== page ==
Cobden on the principle of non-intervention in the affairs of other countries (1859)

Richard Cobden

Found in Speeches on Questions of Public Policy. Vol. 2 War, Peace, and Reform

In 1859 while Richard Cobden (1804-1865) was visiting the U.S., France and Sardinia fought Austria in order to win independence for the Italian states. This prompted Codben to address his electorate in Rochdale upon his return. In the speech he strongly defended the principle of non-intervention in the affairs of other countries:

(D)o not let us have any more Congresses of Vienna, where we are parties to treaties that partition off Europe, and apportion the people to different rulers, just with the same indifference to their wishes and their instincts as though they were mere flocks of sheep… if England takes any part in the Congress that is to be held by the great Powers on the Continent, our object, and the sole condition on which they should go into that Congress, should be,—that the Italians should be left free to manage their own affairs; that they should be as secure from intervention—that they should enjoy the privilege of non-intervention in the management of their own affairs, just as entirely and as sacredly as the great Powers themselves. I know what is the excuse that is made by those great Powers for interfering in the affairs of Italy and the smaller States; they do it under the pretence of preserving order,—the hypocritical pretence, I have no hesitation in calling it. Do the great Powers preserve order themselves? Have we had perfect order reigning in the Austrian empire or in the French empire for the last twenty years? Do they preserve the earth from bloodshed? Have not those two great Powers, Austria and France, during the last six months, shed more blood in their mad quarrels than has been shed by all the smaller states of Europe for the last fifty years? And shall these great Powers, for the purpose of interfering, and sending their armed bands to coerce the free instincts of the people of Italy, be allowed to set up the pretence that they want to preserve order and prevent bloodshed? I will face the chance of disorder. I say that if the Italians cannot settle their own affairs without falling into discord, why should not they be allowed even to carry on civil and domestic tumult, or even war itself, without any other Power pretending to take the advantage and entering their territory?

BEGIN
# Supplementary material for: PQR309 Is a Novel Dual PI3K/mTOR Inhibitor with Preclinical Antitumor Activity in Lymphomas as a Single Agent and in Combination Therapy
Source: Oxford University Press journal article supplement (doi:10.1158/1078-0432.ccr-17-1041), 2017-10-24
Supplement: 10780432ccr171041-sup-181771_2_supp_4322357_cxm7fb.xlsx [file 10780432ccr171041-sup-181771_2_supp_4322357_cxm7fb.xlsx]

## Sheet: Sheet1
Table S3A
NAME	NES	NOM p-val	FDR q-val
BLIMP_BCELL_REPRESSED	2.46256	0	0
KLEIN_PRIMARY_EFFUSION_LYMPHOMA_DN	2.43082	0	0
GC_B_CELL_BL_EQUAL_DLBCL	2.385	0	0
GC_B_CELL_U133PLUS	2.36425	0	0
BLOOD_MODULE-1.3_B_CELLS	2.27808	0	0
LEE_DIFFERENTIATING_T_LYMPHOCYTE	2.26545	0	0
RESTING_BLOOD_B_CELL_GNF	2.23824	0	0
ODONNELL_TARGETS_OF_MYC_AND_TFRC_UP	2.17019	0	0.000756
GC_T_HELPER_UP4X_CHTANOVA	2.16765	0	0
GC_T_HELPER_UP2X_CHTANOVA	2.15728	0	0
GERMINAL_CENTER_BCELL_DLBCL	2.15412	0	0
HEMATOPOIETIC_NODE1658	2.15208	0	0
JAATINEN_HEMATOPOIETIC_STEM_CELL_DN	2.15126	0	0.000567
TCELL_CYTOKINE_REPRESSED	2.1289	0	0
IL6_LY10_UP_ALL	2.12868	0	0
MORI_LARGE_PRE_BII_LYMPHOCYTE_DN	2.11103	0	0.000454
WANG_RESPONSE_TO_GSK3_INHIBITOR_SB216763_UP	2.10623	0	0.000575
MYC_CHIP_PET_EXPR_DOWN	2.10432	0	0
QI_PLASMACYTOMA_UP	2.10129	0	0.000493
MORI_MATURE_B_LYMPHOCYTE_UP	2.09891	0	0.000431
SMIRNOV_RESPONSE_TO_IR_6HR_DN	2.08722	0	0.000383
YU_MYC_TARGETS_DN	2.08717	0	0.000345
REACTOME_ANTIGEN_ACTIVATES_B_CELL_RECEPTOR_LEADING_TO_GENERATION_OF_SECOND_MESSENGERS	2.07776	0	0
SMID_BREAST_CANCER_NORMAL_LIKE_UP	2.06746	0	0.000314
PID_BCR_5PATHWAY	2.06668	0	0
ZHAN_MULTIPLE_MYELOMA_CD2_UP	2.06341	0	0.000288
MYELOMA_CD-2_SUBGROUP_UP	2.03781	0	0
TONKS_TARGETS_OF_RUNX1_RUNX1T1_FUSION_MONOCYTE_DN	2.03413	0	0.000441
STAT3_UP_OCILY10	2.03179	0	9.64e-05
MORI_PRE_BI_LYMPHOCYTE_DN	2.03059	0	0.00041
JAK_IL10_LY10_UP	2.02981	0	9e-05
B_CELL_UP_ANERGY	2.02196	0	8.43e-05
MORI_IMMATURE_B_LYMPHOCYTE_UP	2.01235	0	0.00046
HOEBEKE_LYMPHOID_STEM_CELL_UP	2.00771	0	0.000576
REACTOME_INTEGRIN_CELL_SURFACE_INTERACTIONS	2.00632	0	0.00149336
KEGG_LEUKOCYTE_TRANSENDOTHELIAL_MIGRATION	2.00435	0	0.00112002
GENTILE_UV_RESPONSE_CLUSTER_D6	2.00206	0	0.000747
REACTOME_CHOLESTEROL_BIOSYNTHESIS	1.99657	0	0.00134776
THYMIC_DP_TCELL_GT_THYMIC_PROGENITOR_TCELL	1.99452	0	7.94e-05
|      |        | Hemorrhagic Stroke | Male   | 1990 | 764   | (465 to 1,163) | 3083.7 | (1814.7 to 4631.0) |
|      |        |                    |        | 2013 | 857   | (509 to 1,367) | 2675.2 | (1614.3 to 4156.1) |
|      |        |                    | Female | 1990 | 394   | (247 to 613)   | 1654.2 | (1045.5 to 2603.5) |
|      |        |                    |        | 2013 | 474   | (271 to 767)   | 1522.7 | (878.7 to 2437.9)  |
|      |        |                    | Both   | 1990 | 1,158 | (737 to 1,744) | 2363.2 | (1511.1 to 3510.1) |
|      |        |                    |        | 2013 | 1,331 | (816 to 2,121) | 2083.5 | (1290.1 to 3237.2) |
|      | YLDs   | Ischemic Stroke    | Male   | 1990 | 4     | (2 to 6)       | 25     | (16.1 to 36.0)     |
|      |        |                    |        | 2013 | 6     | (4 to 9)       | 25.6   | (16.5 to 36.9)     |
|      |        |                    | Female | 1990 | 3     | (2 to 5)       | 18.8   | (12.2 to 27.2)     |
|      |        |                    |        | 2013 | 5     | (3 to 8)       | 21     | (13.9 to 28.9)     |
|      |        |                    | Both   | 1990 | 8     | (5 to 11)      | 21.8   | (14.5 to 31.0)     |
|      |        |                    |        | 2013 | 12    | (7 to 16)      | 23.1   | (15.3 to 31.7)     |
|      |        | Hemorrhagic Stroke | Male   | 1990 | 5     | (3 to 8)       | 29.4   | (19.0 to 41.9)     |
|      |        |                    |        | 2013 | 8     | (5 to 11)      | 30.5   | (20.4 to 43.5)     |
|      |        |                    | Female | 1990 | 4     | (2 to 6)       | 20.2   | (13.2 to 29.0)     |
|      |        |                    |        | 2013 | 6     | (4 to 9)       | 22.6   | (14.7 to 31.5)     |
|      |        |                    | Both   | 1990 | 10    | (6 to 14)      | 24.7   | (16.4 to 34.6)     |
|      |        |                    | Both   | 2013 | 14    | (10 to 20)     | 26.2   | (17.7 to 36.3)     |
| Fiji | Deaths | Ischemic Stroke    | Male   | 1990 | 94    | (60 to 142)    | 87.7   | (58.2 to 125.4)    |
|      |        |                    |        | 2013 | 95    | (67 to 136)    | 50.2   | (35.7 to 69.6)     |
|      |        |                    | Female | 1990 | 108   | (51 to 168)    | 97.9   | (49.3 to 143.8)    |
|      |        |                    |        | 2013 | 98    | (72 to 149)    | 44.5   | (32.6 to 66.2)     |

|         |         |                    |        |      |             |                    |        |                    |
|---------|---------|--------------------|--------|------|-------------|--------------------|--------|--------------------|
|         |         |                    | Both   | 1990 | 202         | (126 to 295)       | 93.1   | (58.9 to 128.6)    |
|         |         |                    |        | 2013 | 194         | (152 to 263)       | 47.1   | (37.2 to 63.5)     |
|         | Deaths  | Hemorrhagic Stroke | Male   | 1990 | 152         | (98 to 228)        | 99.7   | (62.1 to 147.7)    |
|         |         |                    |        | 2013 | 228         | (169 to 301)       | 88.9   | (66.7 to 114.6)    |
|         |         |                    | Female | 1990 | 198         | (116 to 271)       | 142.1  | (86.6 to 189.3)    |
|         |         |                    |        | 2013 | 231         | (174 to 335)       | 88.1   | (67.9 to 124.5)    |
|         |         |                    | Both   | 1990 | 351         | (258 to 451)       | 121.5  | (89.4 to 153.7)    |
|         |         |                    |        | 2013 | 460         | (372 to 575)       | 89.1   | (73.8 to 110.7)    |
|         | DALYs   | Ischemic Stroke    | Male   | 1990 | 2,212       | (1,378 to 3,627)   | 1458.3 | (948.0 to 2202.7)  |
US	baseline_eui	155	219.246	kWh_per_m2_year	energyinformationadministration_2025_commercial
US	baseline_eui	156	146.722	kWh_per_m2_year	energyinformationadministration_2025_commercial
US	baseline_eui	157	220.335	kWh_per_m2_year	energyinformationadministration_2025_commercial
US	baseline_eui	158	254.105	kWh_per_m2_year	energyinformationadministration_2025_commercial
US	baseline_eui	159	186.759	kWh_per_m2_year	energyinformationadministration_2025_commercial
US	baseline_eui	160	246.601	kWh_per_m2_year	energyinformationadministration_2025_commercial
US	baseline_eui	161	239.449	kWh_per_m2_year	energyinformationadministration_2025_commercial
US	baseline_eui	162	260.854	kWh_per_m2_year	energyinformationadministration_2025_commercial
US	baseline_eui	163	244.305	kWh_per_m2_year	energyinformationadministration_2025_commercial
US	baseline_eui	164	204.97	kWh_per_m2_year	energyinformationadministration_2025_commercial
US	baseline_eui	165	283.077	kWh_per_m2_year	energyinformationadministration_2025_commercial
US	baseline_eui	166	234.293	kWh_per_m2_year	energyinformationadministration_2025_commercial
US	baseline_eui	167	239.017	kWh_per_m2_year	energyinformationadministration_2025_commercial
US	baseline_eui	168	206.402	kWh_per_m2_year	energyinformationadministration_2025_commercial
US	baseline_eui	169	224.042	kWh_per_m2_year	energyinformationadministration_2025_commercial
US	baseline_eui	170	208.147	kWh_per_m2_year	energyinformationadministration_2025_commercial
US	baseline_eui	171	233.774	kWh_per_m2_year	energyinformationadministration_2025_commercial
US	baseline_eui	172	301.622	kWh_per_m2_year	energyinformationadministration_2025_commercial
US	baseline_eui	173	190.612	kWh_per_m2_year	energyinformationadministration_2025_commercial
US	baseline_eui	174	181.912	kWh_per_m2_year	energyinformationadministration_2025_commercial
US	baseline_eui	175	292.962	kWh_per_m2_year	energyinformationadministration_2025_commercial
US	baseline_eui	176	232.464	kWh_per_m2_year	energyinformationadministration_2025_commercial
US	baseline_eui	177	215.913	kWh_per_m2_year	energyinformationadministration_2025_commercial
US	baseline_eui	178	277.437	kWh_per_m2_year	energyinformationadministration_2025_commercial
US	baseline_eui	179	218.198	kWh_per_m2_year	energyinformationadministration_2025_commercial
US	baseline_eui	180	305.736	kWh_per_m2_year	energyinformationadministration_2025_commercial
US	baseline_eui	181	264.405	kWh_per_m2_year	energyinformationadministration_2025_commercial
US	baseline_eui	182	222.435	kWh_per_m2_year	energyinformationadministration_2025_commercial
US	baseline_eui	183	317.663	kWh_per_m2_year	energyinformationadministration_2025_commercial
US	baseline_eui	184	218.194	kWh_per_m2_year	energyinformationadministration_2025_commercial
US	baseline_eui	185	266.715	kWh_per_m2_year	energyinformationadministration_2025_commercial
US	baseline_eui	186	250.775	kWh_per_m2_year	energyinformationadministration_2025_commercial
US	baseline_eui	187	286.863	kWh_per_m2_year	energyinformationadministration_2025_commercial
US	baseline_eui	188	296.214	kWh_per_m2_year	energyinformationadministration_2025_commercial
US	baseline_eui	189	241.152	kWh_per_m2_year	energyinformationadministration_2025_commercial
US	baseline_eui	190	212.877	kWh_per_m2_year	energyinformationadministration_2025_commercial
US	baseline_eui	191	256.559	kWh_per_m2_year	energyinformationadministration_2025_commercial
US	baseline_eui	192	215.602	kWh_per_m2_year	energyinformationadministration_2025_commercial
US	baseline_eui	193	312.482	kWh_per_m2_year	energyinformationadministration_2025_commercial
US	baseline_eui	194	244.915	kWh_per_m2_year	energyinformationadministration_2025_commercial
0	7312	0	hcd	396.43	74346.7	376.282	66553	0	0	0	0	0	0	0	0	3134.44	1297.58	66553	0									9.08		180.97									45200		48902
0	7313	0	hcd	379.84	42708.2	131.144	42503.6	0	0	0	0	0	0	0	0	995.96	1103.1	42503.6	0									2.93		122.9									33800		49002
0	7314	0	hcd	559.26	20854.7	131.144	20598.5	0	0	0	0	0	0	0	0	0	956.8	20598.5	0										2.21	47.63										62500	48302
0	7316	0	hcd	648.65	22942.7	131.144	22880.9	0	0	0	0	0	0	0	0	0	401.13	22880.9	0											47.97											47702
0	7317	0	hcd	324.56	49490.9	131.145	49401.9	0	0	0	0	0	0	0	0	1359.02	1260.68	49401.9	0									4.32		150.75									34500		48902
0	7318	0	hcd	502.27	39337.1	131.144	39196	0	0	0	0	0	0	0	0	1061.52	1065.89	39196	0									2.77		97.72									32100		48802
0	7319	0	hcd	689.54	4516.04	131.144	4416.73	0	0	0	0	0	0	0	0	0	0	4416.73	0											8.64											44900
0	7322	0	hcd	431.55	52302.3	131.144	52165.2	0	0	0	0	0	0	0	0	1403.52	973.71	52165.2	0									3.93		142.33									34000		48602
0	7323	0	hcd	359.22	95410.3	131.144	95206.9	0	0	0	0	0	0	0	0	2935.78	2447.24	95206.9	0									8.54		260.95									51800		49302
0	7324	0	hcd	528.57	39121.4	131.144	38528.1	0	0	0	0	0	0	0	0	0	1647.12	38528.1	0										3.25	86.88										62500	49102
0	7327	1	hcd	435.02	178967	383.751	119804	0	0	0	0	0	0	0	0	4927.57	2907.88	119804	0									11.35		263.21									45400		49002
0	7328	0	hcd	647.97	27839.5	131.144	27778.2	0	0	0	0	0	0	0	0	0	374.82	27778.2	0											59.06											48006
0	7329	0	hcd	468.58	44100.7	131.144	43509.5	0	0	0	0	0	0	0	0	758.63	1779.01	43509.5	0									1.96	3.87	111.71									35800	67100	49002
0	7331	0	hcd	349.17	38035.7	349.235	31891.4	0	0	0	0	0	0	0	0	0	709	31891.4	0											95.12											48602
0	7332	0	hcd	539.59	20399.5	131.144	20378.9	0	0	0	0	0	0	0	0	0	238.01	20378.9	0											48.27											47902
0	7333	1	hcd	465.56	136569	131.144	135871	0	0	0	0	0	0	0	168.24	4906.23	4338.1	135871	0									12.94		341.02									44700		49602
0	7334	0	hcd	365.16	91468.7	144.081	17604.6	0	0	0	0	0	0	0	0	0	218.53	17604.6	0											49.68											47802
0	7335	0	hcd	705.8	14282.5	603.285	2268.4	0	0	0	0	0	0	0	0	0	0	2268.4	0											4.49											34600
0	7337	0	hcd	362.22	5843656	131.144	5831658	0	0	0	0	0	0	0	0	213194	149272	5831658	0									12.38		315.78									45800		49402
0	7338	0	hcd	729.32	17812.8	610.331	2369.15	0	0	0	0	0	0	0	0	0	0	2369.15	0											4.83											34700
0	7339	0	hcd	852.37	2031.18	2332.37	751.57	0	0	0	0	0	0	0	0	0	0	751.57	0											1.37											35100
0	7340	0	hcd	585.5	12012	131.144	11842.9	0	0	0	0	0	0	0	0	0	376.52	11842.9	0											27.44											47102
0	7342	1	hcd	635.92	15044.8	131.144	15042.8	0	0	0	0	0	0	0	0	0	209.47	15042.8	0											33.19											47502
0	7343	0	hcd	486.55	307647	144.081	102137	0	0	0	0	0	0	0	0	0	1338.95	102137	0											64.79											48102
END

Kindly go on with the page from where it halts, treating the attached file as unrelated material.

Richard Cobden believed in the principle of non-intervention in the affairs of others nations with a passion. This was partly a matter of principle, that all people had the right to choose the type of government which best suited them, even if this arrangement did not meet the approval of other states, especially large and more powerful states. He also believed in non-intervention for more practical reasons, because it was costly to the taxpayers of the intervening powers and that the military intervention destroyed the lives and property of those being occupied. Cobden could also see through the hypocrisy of the intervening powers which claimed they were trying to restore “order” when they themselves had either suffered from their own internal forms of disorder or created disorder in the countries they were intimidating or invading. He concluded with the firmest of statements that “there can be no peace in Europe … and no prospect of any abatement of those vast military efforts that prevent the people from enjoying the fruits of their industry, until you have the principle of non-intervention recognized as applicable to every small State as sacredly as to a large one.” This quotation has been paired with a cartoon from the satirical magazine Punch from 1860 in which a school teacher, Madame Cobden, is teaching her young pupil, Emperor Napoleon III of France, how to spell “F.R.E.E. T.R.A.D.E.” In the next lesson she will have to teach him another word to go with it, “N.O.N. I.N.T.E.R.V.E.N.T.I.O.N.”